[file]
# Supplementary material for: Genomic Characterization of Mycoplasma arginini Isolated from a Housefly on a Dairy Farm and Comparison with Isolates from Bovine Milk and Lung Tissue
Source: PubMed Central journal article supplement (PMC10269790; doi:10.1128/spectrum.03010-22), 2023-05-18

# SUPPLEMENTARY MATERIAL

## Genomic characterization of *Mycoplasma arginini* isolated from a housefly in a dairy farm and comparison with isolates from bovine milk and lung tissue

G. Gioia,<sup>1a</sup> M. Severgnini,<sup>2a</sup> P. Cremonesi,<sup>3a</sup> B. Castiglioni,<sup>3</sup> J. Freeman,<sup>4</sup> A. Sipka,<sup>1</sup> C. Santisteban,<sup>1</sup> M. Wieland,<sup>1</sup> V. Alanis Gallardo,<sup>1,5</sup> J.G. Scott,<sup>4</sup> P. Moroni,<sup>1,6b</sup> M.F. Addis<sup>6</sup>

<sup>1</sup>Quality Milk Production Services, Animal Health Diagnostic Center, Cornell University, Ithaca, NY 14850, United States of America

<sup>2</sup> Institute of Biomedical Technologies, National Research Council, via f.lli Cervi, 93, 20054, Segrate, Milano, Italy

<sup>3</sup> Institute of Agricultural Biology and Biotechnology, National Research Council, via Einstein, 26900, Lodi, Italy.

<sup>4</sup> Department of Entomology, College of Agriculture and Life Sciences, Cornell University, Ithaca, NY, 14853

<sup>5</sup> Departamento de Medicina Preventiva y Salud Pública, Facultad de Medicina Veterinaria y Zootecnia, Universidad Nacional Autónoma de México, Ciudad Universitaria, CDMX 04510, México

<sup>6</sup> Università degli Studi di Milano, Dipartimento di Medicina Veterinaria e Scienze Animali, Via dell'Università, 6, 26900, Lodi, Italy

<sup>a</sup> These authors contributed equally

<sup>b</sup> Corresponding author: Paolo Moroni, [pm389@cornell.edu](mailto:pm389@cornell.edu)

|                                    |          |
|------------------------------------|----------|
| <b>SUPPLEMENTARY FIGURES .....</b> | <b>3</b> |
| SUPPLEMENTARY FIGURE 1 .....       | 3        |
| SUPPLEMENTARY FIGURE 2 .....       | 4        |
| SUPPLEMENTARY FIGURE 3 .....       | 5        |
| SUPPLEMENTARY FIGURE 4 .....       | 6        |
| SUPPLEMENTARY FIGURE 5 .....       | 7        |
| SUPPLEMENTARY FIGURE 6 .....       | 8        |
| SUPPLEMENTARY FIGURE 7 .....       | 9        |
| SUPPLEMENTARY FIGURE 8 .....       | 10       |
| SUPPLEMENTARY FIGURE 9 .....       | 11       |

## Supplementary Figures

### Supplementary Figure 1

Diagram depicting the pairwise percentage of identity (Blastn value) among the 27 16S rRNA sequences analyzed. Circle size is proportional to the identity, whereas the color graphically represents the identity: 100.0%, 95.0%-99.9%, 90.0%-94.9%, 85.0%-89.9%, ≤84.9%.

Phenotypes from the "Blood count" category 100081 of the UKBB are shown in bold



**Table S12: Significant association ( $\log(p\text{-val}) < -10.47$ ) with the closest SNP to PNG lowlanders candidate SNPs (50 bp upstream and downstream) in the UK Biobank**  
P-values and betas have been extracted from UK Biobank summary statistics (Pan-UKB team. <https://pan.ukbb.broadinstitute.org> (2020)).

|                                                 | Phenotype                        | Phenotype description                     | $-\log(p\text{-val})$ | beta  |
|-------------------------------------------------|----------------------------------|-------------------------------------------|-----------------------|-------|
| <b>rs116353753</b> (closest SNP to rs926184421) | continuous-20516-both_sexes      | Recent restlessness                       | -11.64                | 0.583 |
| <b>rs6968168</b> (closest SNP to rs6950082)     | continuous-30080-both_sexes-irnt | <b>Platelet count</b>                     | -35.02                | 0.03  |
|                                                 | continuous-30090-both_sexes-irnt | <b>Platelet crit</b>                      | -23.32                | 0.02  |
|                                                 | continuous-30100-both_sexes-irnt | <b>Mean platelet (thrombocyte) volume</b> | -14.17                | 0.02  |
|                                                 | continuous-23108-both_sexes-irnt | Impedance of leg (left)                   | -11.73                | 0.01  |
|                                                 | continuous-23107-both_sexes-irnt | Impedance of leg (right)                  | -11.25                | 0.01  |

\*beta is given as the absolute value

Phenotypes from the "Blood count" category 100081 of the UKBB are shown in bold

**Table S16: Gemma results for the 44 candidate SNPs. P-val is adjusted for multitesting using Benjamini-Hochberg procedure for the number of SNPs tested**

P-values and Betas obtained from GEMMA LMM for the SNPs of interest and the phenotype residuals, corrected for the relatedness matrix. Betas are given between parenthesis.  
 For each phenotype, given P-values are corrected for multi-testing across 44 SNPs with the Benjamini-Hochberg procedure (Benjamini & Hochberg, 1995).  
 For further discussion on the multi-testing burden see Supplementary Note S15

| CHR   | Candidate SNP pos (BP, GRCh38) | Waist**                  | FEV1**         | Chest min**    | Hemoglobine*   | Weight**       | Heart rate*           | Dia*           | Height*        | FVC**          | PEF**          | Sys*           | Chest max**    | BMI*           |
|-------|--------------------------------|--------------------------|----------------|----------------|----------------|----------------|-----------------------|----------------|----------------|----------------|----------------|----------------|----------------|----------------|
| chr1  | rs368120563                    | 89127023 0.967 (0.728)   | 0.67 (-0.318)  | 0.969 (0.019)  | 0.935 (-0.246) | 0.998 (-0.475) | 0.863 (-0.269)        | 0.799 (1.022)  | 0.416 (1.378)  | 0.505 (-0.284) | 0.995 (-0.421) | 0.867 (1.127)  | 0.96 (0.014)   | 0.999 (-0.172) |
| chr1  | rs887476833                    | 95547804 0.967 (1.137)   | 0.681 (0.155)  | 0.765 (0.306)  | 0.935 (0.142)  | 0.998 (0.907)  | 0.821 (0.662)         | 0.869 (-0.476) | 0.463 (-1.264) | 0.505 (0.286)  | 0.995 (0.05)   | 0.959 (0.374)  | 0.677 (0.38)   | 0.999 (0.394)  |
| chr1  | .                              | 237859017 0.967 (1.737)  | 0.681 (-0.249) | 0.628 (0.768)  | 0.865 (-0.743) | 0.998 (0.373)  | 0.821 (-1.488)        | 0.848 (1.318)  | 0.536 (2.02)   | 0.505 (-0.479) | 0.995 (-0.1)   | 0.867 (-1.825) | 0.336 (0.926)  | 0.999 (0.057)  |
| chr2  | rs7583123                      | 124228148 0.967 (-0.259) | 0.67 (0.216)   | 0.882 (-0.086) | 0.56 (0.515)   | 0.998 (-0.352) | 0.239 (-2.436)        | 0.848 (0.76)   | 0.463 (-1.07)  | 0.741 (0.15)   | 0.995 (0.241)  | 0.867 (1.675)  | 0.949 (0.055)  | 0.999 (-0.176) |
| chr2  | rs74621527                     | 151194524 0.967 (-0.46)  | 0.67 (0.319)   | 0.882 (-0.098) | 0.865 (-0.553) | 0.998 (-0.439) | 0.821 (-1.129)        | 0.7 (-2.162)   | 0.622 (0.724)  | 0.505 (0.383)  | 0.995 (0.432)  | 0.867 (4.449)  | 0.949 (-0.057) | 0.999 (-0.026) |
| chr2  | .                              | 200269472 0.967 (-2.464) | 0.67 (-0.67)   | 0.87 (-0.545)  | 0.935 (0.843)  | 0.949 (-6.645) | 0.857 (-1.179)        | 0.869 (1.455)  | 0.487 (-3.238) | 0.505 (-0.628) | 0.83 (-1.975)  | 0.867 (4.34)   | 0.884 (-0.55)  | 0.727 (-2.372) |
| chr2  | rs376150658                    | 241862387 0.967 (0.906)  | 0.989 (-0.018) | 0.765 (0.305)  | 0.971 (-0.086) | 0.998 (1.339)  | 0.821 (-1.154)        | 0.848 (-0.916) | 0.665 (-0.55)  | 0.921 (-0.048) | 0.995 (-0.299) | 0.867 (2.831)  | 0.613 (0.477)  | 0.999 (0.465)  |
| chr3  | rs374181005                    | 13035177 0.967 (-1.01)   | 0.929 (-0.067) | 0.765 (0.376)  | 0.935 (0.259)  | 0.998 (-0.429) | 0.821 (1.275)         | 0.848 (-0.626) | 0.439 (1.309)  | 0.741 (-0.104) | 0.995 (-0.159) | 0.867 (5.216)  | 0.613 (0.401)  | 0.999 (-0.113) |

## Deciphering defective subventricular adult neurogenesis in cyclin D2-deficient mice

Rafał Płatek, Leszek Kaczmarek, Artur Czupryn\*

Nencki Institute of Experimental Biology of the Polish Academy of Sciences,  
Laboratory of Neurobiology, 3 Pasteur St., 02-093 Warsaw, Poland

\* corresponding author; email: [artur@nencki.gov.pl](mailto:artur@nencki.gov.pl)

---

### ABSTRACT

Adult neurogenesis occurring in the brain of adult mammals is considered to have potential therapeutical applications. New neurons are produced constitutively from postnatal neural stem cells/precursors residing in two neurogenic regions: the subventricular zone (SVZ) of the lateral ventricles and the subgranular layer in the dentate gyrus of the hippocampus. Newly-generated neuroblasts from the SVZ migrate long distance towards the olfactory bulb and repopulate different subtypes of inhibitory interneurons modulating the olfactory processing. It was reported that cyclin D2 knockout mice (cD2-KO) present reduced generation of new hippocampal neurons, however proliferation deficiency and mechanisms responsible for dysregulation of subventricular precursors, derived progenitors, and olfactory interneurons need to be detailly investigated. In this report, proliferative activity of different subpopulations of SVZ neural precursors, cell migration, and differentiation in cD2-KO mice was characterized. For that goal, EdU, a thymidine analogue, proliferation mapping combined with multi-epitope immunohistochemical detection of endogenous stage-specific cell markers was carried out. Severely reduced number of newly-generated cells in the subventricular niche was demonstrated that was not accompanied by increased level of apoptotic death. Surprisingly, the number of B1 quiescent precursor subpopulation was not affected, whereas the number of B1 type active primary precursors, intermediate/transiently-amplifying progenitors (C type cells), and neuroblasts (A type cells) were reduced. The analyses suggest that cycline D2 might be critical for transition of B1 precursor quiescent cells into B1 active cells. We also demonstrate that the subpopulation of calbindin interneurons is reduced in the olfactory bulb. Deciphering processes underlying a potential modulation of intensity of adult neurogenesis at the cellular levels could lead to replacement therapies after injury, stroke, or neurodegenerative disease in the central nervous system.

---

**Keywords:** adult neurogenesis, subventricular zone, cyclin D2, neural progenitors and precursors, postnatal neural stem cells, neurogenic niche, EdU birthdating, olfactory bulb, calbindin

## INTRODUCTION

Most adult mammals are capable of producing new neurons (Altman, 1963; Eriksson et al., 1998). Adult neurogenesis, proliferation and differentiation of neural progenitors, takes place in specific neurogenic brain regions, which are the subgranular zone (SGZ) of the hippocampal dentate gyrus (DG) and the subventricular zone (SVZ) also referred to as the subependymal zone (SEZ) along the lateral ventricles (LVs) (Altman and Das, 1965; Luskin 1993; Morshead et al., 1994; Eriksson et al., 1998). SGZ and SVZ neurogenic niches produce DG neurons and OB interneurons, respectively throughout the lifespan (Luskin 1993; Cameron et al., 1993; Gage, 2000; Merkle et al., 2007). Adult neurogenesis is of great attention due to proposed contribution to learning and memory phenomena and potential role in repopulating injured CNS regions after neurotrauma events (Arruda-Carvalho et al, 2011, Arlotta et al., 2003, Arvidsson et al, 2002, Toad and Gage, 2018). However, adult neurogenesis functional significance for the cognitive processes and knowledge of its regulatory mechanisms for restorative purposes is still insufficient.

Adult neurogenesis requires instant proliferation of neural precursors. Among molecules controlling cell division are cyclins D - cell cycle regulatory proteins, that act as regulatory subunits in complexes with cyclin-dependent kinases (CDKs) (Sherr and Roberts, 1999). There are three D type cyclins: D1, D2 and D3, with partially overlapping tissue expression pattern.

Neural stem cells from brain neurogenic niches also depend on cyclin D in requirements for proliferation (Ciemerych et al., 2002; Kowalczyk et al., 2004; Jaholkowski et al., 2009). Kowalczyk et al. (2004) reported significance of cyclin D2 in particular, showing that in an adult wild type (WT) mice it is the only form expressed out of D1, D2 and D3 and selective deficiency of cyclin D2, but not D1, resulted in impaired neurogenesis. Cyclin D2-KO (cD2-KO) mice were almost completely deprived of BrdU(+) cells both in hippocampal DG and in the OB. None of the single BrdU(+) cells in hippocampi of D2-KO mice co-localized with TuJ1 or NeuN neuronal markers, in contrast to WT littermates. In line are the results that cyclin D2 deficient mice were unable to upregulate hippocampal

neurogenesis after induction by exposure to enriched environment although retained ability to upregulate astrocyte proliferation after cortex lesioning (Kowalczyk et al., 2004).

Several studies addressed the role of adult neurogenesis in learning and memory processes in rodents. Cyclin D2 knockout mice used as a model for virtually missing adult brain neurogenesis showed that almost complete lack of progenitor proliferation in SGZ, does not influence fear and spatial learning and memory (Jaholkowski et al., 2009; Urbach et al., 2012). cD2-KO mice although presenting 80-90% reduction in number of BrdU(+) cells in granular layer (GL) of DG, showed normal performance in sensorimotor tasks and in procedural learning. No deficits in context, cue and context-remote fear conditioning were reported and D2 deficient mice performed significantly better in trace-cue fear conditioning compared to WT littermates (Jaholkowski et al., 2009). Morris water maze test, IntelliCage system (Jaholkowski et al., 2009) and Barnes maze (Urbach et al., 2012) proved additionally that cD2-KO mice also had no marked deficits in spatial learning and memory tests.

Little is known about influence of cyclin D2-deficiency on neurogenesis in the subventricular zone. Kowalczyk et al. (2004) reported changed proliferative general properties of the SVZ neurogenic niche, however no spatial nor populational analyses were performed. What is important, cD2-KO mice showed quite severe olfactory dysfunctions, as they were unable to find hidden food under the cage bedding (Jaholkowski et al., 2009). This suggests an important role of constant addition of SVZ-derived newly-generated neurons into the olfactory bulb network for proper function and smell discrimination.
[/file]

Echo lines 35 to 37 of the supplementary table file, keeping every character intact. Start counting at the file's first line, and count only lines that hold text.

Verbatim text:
| <b>rs6968168</b> (closest SNP to rs6950082)     | continuous-30080-both_sexes-irnt | <b>Platelet count</b>                     | -35.02                | 0.03  |
|                                                 | continuous-30090-both_sexes-irnt | <b>Platelet crit</b>                      | -23.32                | 0.02  |
|                                                 | continuous-30100-both_sexes-irnt | <b>Mean platelet (thrombocyte) volume</b> | -14.17                | 0.02  |